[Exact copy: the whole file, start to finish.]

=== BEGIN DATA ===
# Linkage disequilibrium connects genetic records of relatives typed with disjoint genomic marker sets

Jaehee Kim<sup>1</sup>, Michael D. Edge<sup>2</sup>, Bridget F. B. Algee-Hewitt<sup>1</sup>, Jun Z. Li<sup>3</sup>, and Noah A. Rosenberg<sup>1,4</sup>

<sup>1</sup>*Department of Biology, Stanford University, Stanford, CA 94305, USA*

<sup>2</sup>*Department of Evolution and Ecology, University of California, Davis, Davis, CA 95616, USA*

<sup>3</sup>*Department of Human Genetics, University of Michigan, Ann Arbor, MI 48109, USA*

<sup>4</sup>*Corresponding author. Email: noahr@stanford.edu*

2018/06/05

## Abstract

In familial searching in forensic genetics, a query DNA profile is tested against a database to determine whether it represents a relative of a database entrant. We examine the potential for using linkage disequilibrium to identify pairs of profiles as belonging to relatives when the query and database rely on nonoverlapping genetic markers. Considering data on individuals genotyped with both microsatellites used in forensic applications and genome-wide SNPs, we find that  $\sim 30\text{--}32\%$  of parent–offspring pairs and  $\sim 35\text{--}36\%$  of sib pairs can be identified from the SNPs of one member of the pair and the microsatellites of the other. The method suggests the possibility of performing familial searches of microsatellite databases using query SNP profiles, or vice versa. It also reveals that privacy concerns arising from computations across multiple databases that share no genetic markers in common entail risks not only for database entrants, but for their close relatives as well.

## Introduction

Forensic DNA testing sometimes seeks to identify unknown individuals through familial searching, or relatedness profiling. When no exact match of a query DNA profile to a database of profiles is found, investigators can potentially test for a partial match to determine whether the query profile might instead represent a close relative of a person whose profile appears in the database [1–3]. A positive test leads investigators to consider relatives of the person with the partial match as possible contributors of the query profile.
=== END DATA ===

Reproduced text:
# Linkage disequilibrium connects genetic records of relatives typed with disjoint genomic marker sets

Jaehee Kim<sup>1</sup>, Michael D. Edge<sup>2</sup>, Bridget F. B. Algee-Hewitt<sup>1</sup>, Jun Z. Li<sup>3</sup>, and Noah A. Rosenberg<sup>1,4</sup>

<sup>1</sup>*Department of Biology, Stanford University, Stanford, CA 94305, USA*

<sup>2</sup>*Department of Evolution and Ecology, University of California, Davis, Davis, CA 95616, USA*

<sup>3</sup>*Department of Human Genetics, University of Michigan, Ann Arbor, MI 48109, USA*

<sup>4</sup>*Corresponding author. Email: noahr@stanford.edu*

2018/06/05

## Abstract

In familial searching in forensic genetics, a query DNA profile is tested against a database to determine whether it represents a relative of a database entrant. We examine the potential for using linkage disequilibrium to identify pairs of profiles as belonging to relatives when the query and database rely on nonoverlapping genetic markers. Considering data on individuals genotyped with both microsatellites used in forensic applications and genome-wide SNPs, we find that  $\sim 30\text{--}32\%$  of parent–offspring pairs and  $\sim 35\text{--}36\%$  of sib pairs can be identified from the SNPs of one member of the pair and the microsatellites of the other. The method suggests the possibility of performing familial searches of microsatellite databases using query SNP profiles, or vice versa. It also reveals that privacy concerns arising from computations across multiple databases that share no genetic markers in common entail risks not only for database entrants, but for their close relatives as well.

## Introduction

Forensic DNA testing sometimes seeks to identify unknown individuals through familial searching, or relatedness profiling. When no exact match of a query DNA profile to a database of profiles is found, investigators can potentially test for a partial match to determine whether the query profile might instead represent a close relative of a person whose profile appears in the database [1–3]. A positive test leads investigators to consider relatives of the person with the partial match as possible contributors of the query profile.